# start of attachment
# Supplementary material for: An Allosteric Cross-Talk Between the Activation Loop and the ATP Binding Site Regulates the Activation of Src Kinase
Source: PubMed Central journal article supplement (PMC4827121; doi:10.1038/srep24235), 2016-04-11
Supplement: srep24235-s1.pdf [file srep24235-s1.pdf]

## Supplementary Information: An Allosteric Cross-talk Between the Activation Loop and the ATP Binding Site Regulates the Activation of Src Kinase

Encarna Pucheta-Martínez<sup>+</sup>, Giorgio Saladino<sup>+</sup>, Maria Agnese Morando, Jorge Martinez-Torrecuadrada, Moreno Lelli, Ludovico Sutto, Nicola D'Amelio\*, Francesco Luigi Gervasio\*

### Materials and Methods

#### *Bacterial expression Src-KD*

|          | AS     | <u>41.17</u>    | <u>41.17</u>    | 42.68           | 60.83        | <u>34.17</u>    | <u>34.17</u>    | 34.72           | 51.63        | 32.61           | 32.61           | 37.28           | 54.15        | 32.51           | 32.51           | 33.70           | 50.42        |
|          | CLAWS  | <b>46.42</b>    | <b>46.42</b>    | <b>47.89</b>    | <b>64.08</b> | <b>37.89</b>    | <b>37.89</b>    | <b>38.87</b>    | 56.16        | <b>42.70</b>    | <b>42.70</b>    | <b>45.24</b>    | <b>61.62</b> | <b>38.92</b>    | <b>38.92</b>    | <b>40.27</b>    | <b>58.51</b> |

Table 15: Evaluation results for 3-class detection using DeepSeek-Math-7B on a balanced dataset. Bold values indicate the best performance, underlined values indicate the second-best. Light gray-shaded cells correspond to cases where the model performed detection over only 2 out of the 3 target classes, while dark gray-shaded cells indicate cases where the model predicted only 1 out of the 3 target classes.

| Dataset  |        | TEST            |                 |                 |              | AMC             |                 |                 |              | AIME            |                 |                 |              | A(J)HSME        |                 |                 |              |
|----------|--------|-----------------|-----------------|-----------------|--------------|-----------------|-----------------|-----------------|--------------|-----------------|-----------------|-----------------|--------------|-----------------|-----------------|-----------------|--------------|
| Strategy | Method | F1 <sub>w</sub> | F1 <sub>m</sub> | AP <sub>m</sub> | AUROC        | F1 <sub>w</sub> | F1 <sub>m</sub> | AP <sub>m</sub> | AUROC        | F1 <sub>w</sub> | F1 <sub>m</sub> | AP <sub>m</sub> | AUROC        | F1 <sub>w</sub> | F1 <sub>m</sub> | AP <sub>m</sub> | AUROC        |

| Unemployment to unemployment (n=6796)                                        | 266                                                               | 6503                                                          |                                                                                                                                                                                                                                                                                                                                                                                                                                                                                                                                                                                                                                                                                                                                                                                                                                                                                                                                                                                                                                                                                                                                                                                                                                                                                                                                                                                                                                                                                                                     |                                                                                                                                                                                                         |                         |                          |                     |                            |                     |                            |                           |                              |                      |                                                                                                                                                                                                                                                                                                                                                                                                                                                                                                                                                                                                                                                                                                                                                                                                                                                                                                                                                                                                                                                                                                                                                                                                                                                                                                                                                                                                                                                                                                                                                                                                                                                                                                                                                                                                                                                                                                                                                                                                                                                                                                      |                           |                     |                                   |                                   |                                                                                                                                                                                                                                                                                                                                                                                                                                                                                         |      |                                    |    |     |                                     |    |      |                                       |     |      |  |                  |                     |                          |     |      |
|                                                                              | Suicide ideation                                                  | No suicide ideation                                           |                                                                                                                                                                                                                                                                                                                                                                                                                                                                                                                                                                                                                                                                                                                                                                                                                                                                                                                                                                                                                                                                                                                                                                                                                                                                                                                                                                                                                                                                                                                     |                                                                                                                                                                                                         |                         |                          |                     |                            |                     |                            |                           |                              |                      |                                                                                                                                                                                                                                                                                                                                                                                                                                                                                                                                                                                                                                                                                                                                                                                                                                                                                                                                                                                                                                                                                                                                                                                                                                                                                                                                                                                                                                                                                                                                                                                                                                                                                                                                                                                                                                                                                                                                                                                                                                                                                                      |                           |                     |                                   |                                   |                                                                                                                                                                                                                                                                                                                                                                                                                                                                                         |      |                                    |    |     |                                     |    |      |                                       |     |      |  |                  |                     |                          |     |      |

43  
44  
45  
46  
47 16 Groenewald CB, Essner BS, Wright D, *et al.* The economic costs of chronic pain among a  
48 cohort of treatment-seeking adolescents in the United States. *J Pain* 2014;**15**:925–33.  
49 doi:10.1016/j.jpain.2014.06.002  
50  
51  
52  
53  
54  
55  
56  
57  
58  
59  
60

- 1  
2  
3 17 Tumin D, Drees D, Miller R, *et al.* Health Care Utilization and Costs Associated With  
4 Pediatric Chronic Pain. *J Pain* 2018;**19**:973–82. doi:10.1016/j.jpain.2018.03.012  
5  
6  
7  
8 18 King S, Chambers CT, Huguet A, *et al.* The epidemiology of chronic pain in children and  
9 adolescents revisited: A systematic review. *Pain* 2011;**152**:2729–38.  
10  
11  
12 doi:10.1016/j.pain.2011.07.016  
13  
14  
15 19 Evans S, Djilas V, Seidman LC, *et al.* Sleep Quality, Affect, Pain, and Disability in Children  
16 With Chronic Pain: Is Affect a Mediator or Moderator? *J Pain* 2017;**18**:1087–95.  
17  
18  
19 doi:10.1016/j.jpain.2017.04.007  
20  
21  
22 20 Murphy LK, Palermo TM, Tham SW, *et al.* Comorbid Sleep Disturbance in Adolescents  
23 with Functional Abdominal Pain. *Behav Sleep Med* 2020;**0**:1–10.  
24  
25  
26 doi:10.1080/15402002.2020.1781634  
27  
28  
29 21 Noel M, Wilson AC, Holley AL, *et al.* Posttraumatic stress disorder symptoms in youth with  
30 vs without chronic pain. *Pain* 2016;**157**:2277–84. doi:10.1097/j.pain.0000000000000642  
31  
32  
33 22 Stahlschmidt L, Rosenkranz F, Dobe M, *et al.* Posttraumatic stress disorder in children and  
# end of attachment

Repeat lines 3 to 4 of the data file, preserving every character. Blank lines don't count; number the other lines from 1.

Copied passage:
Supplement: srep24235-s1.pdf [file srep24235-s1.pdf]

## Supplementary Information: An Allosteric Cross-talk Between the Activation Loop and the ATP Binding Site Regulates the Activation of Src Kinase